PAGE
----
Project.find(:all, :conditions => [‘account_id = ?’, @account.id])
The main points I have taken away from this talk (which I am also going to put in a large poster on the office wall) are the folowing:
* No instance variables in views
* No SQL in controllers
* No more than 4 lines in controller actions
h3. Tom Locke – Experiments with Very Rapid Development in Rails
Tom gave a demo of his “Hobo”:http://hobocentral.net/blog/ project which is very similar to a plugin we use in-house (which also may go open source at some point).
One thing I like about Hobo is the incremental nature of the “dryml” views, meaning that you can override certain elements in a default view bit-by-bit, i.e. if you just want a different header for a certain page you don’t need to create a duplicate of the view and change it, you only need to redefine certain elements of the page.
I completely agree with Tom’s views on generators, although he was slightly more diplomatic than I would have been. I am going to be slightly controversial and say that I really don’t like generators except for creating stub files. What happens if you have an authentication system generator which you have used in 50 projects and you suddenly find a security hole?? …You now have to go back through those 50 projects to fix it! [end generator rant]
h3. Paul Battley – Rerouting Rails
Paul attempted to explain how he believes the rails routing system should be re-written. I could see a lot of merit in what he was saying, however I don’t believe it lent itself very well to this type of presentation.
h3. James Cox – Managing a high performance rails app without tearing your hair out
James gave some great tips on easy ways to increase the overall performance of Rails apps. We are in the process of configuring a new server so these tips came at a good time.
h3. Damien Tanner – Extend your Rails application using Domain Specific Languages
Damien explained a roundtrip his company went on with DLS’s explaining that they are great in certain situations but can be taken too far or overused. In the example he gave, it turned out that the DSL he created was overkill for the business problem he was trying to solve.
h3. Ben Griffiths – Are your tests working for you?
For me, this and Chad’s were the presentations that made the trip to London worth while. I am ashamed to say that until now, I have not gotten into TDD (I’ve been using Rails for over a year and a half). It’s not through lack of trying but with clients constantly on your back to get projects out the door, it’s all to easy to dive straight into coding the application and neglecting the tests.
He started with a comparison between testing and the film Predator. This sounds like a strange comparison however it really helped to illustrate the need for a good set of tests.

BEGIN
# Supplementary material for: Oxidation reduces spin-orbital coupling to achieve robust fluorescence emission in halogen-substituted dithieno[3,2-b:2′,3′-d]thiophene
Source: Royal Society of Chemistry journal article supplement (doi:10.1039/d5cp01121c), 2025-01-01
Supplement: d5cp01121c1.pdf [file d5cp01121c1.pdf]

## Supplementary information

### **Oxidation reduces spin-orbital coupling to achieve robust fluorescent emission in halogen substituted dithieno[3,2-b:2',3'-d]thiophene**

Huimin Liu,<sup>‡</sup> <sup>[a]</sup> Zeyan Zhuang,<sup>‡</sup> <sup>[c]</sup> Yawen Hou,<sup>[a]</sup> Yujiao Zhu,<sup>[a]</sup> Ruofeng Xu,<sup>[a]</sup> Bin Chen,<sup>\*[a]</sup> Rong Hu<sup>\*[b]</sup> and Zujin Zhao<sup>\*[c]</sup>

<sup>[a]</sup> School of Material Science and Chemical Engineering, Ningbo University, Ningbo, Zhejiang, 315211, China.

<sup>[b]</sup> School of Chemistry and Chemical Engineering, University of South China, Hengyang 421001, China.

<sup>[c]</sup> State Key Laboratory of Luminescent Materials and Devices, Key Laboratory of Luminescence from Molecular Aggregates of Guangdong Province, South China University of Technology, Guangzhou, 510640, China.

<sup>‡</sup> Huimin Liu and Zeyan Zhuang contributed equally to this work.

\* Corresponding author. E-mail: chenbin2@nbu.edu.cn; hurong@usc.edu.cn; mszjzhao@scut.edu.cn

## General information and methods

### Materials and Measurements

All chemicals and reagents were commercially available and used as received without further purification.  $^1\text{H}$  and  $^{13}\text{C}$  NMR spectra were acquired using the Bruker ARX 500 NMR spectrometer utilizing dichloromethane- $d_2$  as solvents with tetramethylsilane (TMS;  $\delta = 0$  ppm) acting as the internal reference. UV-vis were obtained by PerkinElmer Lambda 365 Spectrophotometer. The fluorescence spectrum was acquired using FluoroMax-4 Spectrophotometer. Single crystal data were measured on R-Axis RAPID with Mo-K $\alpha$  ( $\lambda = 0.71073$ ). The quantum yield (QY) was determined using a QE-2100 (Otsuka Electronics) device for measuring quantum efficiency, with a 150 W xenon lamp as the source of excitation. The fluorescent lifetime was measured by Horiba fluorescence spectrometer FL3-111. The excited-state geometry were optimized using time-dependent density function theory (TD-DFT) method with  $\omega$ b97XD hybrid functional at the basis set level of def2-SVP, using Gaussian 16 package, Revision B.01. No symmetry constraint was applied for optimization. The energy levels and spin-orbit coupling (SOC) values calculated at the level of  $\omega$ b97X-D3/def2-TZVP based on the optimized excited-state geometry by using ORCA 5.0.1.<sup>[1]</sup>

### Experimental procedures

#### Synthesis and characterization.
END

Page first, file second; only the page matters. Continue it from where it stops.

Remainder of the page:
My main problem with tests were “what do I test?” and “my fixtures need too much maintenance!”. I breathed a sigh of relief when Ben suggested not using fixtures at all as maintaining a load of fixtures really turned me off testing.
This was a great talk and I could bang on for hours on the benefits of testing with Ben’s techniques and his whole take on modular design but I’ll save that for another post. As a side-note, I have been doing TDD ever since this talk.
h3. Eleanor McHugh – Where’s my SQL? Platform-independent database design using Migrations
Eleanor gave some examples of how migrations could be extended with plugins. A lot of the examples she gave were based on what has been implemented in Hobo. There were some interesting points in the talk although my concentration levels were frayed by this point.
h3. Group Discussion
The main point of discussion was views. I think everyone was in agreement that something needs to change with the way Rails handles it’s views. I personally believe that they should be purposefully limiting so that it is hard to do bad things in the view. I am looking forward to seeing views taken to the next level and believe that there will be some large changes before 2.0 based on the comments during this discussion.
h3. After Party
The guys at “Skills Matter”:http://www.skillsmatter.com put on the first 100 drinks at “Liquid” – a Japanese-themed bar. We had a chance to mingle and discuss a few of the points that we forgot to ask after the talks.
Thanks to all the speakers, all in all a great day out.
Videos of some of the talks are now “available online”:http://skillsmatter.com/menu/479. Also, my colleague “Andy”:http://darkliquid.co.uk has blogged about his take on the day: “Part 1″:http://darkliquid.co.uk/2007/2/10/ruby-on-rails-exchange, “Part 2″:http://darkliquid.co.uk/2007/2/11/ruby-on-rails-exchange-part-2.